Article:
K-State researchers investigate nutrition curriculums
By Rachel Potucek
Sixty percent of the average American's health care costs are related to personal behavior, according to Carol Fink of the Kansas State University Extension Family Nutrition Program and 4-H youth development associate.
Fink said exercise and a healthy diet can delay the onset of diseases like diabetes and heart disease, and ultimately help us live longer and reduce behavior-related medical bills down the road. But it is tough to change diet and exercise routines, Fink said.
"Nutrition and exercise habits can be set by a person's teen years," she said. "We all know how hard it is to change our habits. It is easier to get off to the right start."
That's why Fink and other K-State researchers are collaborating to make sure a new national nutrition program is teaching third, fourth, and fifth-graders healthy eating habits.
Fink is involved in a U.S. Department of Agriculture-funded project which will evaluate the new nutrition program "Health and Nutrition from the Garden," for low-income children. The national program, which is used in schools or by after-school programs, has been in operation in Kansas for two years now. The collaborative project's results will be shared with Kansas' Social and Rehabilitative Services, the Family Nutrition Program and the U.S. Department of Agriculture.
Fink said "Health and Nutrition" has a unique curriculum that uses hands-on learning, otherwise known as experiential learning. Kids learn to change their eating habits by watching the instructor and acting on their own. For instance, kids learn how to make healthy snacks and how to grow a garden.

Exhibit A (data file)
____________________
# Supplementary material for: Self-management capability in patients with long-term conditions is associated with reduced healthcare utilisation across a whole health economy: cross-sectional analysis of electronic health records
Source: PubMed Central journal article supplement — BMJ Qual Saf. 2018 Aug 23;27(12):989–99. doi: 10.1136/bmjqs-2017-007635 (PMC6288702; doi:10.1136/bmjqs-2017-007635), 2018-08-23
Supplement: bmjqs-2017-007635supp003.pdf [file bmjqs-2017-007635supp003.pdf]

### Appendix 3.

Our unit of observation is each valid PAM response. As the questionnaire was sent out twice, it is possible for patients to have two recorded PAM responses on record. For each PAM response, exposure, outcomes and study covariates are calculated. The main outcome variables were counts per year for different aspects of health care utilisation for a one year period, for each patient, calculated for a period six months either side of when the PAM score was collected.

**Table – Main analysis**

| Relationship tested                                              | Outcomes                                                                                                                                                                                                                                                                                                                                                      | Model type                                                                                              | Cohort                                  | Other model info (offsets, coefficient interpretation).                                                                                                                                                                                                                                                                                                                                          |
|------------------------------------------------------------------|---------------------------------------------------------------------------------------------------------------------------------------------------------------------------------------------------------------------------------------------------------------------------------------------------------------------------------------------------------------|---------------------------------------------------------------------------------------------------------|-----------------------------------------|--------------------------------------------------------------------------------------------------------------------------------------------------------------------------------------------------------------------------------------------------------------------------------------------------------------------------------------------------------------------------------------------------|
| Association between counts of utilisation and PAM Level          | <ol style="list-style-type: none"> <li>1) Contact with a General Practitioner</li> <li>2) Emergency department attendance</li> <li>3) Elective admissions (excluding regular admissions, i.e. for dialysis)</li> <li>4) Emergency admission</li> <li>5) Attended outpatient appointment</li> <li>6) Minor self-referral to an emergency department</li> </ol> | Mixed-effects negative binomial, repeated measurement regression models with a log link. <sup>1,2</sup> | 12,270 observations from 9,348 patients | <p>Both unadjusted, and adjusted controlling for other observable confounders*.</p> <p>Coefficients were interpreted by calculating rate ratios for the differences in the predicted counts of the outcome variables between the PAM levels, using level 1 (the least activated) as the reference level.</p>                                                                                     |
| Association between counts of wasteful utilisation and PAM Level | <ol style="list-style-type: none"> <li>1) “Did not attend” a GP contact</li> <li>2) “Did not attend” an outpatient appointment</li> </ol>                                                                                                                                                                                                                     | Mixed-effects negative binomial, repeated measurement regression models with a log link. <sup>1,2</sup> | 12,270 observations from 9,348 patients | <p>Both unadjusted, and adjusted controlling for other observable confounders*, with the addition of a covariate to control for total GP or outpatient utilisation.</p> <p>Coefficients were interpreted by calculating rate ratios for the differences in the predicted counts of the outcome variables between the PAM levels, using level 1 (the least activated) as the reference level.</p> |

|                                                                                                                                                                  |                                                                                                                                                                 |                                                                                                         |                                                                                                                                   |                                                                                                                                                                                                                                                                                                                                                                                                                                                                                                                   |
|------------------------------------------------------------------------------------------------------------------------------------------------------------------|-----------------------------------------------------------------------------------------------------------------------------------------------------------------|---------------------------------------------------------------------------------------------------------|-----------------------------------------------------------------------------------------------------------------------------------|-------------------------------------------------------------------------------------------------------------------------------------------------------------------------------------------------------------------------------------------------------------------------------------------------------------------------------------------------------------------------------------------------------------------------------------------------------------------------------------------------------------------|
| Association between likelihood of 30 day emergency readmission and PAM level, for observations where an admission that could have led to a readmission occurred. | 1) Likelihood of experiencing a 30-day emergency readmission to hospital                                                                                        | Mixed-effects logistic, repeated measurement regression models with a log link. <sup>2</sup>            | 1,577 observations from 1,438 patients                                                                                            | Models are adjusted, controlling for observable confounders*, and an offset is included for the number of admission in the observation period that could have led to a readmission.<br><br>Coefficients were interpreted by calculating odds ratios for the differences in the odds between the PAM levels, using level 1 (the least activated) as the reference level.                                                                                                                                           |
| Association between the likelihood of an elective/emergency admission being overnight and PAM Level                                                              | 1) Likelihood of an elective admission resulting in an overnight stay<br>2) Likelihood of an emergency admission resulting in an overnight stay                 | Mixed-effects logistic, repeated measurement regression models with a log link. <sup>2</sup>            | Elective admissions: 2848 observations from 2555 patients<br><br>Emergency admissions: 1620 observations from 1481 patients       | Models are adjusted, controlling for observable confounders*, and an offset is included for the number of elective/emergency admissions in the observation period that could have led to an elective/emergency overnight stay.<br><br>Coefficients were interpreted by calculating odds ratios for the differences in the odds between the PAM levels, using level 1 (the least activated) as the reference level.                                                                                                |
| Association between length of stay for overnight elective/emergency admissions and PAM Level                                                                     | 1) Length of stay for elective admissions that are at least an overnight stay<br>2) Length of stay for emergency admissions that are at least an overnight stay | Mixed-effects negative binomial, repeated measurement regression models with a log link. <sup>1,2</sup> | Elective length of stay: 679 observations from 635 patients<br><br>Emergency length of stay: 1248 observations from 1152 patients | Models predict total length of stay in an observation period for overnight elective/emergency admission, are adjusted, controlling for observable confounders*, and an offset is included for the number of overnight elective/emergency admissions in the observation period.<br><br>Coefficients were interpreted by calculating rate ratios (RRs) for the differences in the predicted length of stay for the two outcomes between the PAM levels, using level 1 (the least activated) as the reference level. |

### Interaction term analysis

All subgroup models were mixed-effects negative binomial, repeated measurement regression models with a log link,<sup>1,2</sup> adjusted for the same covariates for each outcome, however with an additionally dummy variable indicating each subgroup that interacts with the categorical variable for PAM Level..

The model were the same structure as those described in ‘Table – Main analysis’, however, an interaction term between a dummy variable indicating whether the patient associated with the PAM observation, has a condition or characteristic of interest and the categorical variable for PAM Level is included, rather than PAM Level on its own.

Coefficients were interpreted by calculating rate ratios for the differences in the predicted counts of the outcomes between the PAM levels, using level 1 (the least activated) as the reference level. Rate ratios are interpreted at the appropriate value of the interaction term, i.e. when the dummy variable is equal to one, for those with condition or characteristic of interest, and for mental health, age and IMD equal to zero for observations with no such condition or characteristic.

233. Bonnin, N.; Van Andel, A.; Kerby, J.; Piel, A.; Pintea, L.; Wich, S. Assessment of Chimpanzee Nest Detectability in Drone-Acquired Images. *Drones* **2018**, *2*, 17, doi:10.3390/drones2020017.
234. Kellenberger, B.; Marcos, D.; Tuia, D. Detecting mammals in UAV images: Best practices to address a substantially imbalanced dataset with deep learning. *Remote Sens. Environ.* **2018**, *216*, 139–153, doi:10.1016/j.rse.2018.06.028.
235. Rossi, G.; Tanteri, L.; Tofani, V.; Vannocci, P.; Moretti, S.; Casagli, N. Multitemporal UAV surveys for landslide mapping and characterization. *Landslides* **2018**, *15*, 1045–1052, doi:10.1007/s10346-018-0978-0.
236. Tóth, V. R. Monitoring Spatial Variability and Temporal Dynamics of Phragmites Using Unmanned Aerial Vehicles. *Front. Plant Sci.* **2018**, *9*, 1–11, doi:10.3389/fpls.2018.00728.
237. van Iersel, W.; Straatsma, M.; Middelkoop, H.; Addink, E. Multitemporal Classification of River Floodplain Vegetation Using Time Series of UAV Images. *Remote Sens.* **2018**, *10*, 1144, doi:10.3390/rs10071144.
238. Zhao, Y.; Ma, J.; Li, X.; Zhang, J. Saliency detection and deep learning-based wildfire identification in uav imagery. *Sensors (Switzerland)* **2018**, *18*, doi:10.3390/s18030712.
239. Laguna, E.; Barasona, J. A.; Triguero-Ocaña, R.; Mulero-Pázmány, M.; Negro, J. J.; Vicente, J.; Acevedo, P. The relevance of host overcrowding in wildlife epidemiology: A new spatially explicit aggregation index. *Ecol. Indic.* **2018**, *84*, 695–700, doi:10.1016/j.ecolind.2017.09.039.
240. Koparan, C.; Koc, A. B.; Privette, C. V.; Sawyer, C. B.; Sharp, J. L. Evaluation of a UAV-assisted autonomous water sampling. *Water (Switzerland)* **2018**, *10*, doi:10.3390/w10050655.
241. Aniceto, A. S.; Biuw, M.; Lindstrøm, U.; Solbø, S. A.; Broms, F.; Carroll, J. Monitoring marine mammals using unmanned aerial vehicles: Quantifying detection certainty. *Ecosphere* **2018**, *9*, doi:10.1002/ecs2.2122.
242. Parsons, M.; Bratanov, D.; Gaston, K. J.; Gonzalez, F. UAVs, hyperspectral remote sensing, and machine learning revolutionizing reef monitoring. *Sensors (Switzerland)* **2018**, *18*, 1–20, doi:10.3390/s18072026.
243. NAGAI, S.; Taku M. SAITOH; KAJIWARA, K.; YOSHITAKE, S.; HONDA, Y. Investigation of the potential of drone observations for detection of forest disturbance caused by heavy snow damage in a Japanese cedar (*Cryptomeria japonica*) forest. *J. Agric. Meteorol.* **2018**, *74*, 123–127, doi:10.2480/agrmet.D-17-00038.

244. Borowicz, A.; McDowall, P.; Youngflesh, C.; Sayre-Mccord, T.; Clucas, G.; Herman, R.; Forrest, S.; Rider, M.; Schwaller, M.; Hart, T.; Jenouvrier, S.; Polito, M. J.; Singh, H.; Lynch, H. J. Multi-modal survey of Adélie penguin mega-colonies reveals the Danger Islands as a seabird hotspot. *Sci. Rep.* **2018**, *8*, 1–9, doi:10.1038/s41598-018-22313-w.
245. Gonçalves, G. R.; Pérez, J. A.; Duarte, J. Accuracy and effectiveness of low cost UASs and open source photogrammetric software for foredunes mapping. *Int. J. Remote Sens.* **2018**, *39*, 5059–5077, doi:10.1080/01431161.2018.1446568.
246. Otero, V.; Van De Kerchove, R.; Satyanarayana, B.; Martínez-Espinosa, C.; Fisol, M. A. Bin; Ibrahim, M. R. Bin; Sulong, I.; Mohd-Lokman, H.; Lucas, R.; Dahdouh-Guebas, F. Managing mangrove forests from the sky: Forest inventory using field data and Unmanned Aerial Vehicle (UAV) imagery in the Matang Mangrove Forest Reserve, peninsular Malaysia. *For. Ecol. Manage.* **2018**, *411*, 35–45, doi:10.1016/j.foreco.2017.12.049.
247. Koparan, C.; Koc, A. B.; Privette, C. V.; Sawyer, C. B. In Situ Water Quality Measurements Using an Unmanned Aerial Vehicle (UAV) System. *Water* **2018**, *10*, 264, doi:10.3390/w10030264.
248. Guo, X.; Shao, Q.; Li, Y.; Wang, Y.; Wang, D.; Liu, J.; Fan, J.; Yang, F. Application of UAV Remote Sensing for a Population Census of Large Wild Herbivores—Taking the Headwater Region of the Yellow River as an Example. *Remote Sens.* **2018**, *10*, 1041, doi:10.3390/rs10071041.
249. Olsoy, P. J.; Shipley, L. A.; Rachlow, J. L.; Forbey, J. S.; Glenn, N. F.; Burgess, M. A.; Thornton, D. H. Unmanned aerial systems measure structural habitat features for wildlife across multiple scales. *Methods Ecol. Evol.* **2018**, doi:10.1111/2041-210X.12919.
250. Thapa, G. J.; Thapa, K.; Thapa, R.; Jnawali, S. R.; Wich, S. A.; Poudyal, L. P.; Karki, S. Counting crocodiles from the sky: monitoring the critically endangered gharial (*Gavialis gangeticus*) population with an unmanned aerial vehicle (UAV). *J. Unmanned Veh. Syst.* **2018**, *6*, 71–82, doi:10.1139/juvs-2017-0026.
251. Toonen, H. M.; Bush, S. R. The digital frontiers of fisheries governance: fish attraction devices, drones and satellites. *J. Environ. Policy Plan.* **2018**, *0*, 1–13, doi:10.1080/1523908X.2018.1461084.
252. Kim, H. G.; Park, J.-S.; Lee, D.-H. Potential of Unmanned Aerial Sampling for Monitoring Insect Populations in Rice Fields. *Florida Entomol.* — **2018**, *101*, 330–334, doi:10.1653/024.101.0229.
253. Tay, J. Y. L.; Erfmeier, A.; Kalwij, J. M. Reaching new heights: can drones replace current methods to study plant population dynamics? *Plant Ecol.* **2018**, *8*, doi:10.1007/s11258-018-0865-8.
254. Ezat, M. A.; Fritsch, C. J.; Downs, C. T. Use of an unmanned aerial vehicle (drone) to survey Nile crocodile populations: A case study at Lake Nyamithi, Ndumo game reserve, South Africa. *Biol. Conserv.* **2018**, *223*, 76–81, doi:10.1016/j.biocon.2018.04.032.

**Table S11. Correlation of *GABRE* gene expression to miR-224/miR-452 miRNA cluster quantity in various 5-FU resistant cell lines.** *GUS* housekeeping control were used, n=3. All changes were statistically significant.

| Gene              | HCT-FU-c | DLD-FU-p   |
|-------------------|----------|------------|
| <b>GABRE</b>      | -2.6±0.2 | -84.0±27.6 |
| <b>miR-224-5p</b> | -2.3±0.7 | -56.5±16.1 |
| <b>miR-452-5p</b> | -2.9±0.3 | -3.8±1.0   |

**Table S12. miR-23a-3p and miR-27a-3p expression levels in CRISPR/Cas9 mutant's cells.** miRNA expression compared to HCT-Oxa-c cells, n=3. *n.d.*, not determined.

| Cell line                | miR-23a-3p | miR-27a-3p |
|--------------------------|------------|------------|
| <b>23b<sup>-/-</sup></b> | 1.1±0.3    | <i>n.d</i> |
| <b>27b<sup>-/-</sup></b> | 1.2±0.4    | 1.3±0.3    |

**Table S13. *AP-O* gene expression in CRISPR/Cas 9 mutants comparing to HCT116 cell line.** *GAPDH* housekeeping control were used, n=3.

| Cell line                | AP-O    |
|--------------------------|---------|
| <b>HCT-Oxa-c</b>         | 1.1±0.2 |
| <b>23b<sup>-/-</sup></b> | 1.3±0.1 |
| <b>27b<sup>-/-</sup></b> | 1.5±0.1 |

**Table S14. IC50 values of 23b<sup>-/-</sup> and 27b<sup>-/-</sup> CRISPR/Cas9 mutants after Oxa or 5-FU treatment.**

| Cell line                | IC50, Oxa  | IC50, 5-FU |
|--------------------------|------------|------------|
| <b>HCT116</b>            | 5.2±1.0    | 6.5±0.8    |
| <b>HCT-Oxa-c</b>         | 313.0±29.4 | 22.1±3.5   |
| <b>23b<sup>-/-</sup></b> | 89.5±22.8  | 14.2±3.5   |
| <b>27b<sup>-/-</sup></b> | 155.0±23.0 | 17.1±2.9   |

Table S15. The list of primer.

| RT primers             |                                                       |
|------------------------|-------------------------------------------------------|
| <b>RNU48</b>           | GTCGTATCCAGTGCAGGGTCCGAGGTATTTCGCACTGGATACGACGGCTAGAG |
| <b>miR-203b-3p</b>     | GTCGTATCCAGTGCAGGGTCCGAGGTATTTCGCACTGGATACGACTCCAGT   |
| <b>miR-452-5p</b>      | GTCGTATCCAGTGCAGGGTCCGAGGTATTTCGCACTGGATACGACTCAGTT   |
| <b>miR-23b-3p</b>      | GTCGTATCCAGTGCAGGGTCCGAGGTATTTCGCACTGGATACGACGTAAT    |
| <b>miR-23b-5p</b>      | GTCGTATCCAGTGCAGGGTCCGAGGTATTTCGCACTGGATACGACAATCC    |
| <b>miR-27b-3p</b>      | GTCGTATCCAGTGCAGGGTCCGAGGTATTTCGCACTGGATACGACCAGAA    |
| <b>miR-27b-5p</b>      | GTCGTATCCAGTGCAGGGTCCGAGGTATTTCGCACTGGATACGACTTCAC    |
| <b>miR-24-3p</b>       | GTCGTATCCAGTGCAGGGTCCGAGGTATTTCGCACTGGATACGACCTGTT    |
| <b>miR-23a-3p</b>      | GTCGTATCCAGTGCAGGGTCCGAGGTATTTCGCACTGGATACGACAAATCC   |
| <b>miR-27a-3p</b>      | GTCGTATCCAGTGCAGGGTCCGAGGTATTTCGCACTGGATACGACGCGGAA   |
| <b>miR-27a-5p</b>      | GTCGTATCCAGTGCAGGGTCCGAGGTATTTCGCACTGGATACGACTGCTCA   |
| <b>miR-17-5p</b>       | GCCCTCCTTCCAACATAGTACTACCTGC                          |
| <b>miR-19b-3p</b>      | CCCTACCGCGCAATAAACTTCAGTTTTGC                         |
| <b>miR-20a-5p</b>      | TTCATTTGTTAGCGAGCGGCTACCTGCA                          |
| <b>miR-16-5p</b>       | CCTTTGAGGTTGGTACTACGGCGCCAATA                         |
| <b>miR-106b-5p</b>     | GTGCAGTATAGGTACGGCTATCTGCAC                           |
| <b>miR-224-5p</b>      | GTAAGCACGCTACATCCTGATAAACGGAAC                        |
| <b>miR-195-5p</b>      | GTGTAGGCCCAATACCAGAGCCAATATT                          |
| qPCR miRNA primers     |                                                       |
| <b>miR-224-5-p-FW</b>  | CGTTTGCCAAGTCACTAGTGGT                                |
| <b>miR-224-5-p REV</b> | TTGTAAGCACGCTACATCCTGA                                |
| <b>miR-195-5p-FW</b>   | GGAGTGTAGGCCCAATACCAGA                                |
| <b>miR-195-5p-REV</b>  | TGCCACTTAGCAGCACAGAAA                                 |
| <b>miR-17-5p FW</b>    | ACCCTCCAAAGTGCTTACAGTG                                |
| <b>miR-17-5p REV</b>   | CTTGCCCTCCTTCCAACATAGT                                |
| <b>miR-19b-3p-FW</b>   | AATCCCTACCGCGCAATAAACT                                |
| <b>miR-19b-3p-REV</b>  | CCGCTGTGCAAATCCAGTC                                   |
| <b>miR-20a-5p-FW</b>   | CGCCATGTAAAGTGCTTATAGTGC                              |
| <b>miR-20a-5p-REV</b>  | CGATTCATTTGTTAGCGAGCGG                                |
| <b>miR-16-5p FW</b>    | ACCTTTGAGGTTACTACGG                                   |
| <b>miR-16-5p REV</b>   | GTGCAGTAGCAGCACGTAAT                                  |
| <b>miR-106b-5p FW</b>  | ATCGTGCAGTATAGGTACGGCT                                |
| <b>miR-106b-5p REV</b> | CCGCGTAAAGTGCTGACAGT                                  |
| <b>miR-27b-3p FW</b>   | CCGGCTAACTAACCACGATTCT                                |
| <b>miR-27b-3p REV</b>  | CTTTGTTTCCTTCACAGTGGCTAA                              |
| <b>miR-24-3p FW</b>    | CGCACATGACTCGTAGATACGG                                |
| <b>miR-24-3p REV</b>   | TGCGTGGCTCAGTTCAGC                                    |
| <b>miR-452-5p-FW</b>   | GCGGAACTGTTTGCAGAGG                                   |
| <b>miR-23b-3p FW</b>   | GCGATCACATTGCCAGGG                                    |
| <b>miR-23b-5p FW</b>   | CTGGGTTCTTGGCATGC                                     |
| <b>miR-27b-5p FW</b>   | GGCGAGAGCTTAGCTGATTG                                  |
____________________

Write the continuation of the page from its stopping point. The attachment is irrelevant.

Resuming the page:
K-State horticulture associate professor Candice Shoemaker is helping to write the program evaluating "Health and Nutrition from the Garden." She said "Health and Nutrition" may be more effective than other Kansas nutrition programs because "gardening is more fun and we already know that children are more likely to try what they have grown."
Shoemaker said K-State researchers involved with the project will measure student's knowledge about nutrition and gardening, their fruit and vegetable preferences and their fruit and vegetable consumption before and after students participate in "Health and Nutrition from the Garden." This fall, Shoemaker will use the same test on students who use a popular nutrition curriculum called "Professor Popcorn." She will compare the results to see if there are differences in the outcomes for each of the nutrition education programs.
Karen Hudson, coordinator of the Family Nutrition Program, said the results will be shared with national and regional partners through the program.